It’s safe to say the year 2017 was hard for everyone. Politically, it was a mine field; emotionally, it was a rollercoaster. But let’s not recap the past. A new year is imminent, and with it comes endless possibility. Sure, 2018 will probably be tough in its own right. That said, we prefer to remain forever optimists, so we’re looking ahead with open hearts and fingers crossed. Next year brings armloads of new movies, television, music, books—but that’s just the cultural arena.
The first time I met Olivia Culpo, I had 15 minutes with her during one of those weird press set-ups where celebrities take mini-interviews all day between posing for photos and vamping for various publications’ Snapchats. I’m a beauty writer by trade, so we spent the majority of that time waxing poetic on the benefits of exfoliation.
Though we’re fast approaching a world in which anyone can just go online and buy a bag of weed, we’re not quite there yet. Products that contain THC—the psychoactive element of cannabis—can’t be purchased on the internet (legally) in most states, but there are hundreds of items out there formulated with CBD, which won’t get you high, but might help with chronic pain or anxiety. Plus, a bag of weed is rather unimaginative.
Muck Rack makes it simple to find people, tweets, or articles that mention any name, keyword, company, hashtag etc. We've compiled this guide to help you make the most of your search.
Selecting a term
Start searching tweets, articles from media outlets, articles mentioned in tweets, journalists'
names, titles and bios with some suggested searches:
Companies or Topics (e.g. iPhone, Microsoft)
Phrases (e.g. "cloud computing") — use quotes to keep the terms together
Twitter handles (e.g. @username) — returns those who have mentioned or replied to
Names (e.g. "David Pogue")
Hashtags (e.g. #sxsw, #london2012)
Bio details (e.g. vegan, Olympics, father)
Muck Rack's Advanced Search allows for many boolean operators.
Find results that mention multiple specified terms, use AND or
+. For example, ensure each result contains both Elon Musk and Mark Zuckerberg by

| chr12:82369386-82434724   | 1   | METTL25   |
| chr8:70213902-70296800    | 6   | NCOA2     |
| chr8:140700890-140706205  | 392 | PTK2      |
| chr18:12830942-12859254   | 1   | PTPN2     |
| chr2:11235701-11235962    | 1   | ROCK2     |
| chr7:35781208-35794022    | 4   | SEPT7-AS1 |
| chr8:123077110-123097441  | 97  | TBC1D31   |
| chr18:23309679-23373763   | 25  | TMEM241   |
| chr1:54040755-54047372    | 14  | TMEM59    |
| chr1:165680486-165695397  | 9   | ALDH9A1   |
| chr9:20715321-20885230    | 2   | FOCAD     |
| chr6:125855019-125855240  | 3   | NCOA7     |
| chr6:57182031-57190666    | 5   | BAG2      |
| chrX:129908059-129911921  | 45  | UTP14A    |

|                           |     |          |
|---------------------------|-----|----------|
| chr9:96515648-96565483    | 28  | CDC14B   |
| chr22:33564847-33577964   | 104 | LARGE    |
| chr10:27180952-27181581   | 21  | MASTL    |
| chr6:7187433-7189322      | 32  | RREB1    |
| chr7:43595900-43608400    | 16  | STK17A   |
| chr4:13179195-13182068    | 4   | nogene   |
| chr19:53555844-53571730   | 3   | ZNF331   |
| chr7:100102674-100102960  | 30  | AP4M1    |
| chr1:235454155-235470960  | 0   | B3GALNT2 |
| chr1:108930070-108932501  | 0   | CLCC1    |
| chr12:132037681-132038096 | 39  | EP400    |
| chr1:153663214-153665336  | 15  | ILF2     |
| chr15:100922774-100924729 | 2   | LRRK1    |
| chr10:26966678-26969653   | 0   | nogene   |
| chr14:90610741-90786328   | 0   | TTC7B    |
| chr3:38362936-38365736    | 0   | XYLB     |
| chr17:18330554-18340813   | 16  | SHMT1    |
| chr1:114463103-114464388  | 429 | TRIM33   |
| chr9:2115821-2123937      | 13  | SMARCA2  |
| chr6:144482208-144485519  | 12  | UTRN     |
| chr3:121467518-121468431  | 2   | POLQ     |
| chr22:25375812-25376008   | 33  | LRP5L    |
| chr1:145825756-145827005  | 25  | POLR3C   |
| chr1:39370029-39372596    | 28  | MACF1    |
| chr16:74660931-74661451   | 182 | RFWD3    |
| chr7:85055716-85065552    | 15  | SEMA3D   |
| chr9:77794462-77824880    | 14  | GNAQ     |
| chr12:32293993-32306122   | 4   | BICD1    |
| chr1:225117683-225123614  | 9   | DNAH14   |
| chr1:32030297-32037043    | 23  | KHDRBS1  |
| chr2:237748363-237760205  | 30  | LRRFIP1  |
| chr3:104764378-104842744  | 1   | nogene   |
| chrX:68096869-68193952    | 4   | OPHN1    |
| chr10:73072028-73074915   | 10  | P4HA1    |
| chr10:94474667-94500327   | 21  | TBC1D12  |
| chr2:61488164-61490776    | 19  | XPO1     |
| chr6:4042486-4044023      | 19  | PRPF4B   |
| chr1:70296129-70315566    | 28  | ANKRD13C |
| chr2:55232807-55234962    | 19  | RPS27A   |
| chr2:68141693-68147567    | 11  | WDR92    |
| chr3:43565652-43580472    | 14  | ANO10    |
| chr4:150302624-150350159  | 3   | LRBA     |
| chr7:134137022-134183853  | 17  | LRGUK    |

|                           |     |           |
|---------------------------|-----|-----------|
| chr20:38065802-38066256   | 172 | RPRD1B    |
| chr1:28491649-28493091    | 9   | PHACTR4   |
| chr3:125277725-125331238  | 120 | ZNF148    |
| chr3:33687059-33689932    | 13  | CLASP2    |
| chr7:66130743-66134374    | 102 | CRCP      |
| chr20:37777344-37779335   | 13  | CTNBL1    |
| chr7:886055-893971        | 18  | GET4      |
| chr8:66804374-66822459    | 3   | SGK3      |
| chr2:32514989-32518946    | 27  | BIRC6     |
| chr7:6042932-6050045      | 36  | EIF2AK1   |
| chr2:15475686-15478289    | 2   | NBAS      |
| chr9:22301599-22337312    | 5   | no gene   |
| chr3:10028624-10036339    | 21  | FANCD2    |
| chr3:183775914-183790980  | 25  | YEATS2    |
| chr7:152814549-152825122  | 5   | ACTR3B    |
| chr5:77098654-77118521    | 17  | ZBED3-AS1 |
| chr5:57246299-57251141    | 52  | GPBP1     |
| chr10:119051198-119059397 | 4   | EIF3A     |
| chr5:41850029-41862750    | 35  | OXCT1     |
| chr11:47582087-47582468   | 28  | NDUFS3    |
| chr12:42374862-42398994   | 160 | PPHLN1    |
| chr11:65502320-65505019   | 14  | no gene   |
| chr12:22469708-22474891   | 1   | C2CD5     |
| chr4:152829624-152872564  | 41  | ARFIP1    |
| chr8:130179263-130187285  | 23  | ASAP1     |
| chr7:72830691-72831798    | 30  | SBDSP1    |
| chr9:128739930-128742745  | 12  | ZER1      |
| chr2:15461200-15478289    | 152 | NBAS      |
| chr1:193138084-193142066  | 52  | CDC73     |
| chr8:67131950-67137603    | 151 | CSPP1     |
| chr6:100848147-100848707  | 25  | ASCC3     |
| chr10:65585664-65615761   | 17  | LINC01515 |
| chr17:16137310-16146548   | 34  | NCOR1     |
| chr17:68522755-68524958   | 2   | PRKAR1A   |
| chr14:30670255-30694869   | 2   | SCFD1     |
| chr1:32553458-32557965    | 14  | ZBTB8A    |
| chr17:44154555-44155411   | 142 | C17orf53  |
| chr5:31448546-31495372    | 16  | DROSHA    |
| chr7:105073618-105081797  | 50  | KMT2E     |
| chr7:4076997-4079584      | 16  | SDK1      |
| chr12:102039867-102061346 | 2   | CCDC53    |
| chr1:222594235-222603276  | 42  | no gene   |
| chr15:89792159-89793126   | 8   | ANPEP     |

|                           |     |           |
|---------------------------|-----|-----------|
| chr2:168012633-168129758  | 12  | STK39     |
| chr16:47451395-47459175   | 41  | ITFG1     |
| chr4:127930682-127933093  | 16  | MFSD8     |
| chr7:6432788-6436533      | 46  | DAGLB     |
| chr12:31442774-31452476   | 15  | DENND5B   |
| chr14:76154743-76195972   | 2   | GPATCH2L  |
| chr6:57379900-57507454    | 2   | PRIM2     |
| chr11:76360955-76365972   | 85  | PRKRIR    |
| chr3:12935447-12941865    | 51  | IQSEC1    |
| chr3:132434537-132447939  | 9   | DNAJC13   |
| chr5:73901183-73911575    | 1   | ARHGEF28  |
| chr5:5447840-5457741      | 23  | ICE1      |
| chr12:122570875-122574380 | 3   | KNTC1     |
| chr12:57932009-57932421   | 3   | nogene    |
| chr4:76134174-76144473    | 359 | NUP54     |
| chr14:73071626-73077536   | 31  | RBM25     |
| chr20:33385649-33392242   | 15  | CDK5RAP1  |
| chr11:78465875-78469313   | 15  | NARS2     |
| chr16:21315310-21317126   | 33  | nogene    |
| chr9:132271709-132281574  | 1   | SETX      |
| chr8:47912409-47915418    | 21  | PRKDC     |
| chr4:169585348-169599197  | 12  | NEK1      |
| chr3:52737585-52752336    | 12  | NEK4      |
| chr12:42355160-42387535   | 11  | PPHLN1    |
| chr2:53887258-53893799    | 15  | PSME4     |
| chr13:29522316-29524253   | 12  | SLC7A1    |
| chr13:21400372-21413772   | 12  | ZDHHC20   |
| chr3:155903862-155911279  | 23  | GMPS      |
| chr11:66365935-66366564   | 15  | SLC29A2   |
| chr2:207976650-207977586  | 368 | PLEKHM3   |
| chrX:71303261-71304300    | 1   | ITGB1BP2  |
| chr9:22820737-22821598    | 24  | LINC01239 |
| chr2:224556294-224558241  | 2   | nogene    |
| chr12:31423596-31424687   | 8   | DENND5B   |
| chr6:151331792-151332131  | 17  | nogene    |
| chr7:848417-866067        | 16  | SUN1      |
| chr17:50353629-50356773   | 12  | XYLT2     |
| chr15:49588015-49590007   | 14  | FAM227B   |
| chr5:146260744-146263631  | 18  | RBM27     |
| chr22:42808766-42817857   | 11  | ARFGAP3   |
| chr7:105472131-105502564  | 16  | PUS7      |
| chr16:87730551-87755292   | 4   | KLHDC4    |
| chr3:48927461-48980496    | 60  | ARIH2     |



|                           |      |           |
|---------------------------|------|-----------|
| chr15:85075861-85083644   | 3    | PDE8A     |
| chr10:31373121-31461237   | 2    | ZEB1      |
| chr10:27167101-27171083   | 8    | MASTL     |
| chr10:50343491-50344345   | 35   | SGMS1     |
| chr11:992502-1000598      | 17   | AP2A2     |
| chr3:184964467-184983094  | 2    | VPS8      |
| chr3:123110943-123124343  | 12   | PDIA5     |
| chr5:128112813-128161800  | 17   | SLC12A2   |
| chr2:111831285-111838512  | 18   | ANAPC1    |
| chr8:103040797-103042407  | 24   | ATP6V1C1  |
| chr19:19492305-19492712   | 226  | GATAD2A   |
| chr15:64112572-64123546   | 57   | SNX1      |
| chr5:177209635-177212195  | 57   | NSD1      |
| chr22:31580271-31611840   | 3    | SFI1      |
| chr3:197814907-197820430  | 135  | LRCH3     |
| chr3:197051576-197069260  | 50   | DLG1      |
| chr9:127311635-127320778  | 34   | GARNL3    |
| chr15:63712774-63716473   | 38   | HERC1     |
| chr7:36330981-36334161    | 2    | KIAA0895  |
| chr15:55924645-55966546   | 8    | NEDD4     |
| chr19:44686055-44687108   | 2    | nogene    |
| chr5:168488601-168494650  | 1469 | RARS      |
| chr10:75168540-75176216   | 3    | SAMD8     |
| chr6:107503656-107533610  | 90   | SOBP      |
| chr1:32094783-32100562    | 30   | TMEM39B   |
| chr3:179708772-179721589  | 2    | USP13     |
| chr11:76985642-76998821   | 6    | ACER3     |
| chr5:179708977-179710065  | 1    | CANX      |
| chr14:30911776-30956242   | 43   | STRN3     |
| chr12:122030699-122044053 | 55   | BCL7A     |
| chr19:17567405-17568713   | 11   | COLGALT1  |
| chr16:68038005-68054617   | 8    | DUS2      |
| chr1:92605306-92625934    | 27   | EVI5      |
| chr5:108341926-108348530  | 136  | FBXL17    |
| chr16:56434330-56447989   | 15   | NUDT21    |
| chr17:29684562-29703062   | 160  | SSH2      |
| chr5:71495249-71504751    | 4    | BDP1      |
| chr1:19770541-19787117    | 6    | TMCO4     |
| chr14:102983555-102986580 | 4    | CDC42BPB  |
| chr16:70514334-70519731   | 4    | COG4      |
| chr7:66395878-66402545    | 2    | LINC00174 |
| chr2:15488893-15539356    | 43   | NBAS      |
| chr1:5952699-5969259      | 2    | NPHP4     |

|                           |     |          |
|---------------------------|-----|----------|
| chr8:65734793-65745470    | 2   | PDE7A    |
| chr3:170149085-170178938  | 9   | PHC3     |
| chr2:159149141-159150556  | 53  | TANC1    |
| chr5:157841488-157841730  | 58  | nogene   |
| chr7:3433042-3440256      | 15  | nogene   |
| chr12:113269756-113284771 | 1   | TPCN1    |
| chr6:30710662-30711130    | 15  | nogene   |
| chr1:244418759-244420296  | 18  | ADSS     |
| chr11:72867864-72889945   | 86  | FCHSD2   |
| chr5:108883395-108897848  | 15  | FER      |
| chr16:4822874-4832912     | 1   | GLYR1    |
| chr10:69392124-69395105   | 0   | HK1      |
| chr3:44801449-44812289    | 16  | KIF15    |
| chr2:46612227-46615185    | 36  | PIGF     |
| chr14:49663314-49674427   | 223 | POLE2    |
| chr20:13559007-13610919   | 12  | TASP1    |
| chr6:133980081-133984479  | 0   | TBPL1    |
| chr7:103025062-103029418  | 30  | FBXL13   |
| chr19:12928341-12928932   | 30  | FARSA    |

searching Musk AND Zuckerberg or Musk + Zuckerberg.
Use the operators OR or , to broaden your search when you'd like either of
multiple terms to appear in results. (This is the default behavior of our search when no operators
are used). For example, results will contain either cake or cookie by searching cake OR cookie or cake,cookie
Use NOT or - to subtract results from your search. For
example, searching Disney will yield results about the Walt Disney Company as well as Walt Disney
World Resort. To exclude mentions of Disney World, search for Disney -World or Disney
When using one of these operators with a phrase, enclose it in quotation marks. For example, you can
find results about smartphones excluding Apple's iPhone 4S by searching smartphone -"iPhone
Exact case matching or punctuation
If you're searching for a brand name or keyword that relies on specific punctuation marks or capitalization, you can
find results that match your exact query by adding matchcase: before the keyword you're searching for, like matchcase:E*TRADE .
Use parentheses to separate multiple
boolean phrases. For example, to find journalists talking about having fun in Disney World or
Disneyland, search for ("disney world" OR disneyland) AND fun.
An asterisk can be used to search for any variation of a root word truncated by the asterisk. For example, searching for admin* will return results for administrator, administration, administer, administered, etc.
A near operator is an AND operator where you can control the distance between the words. You can vary the distance the near operation uses by adding a forward slash and number (between 0-99) such as strawberries NEAR/10 "whipped cream", which means the strawberries must exist within 10 words of "whipped cream".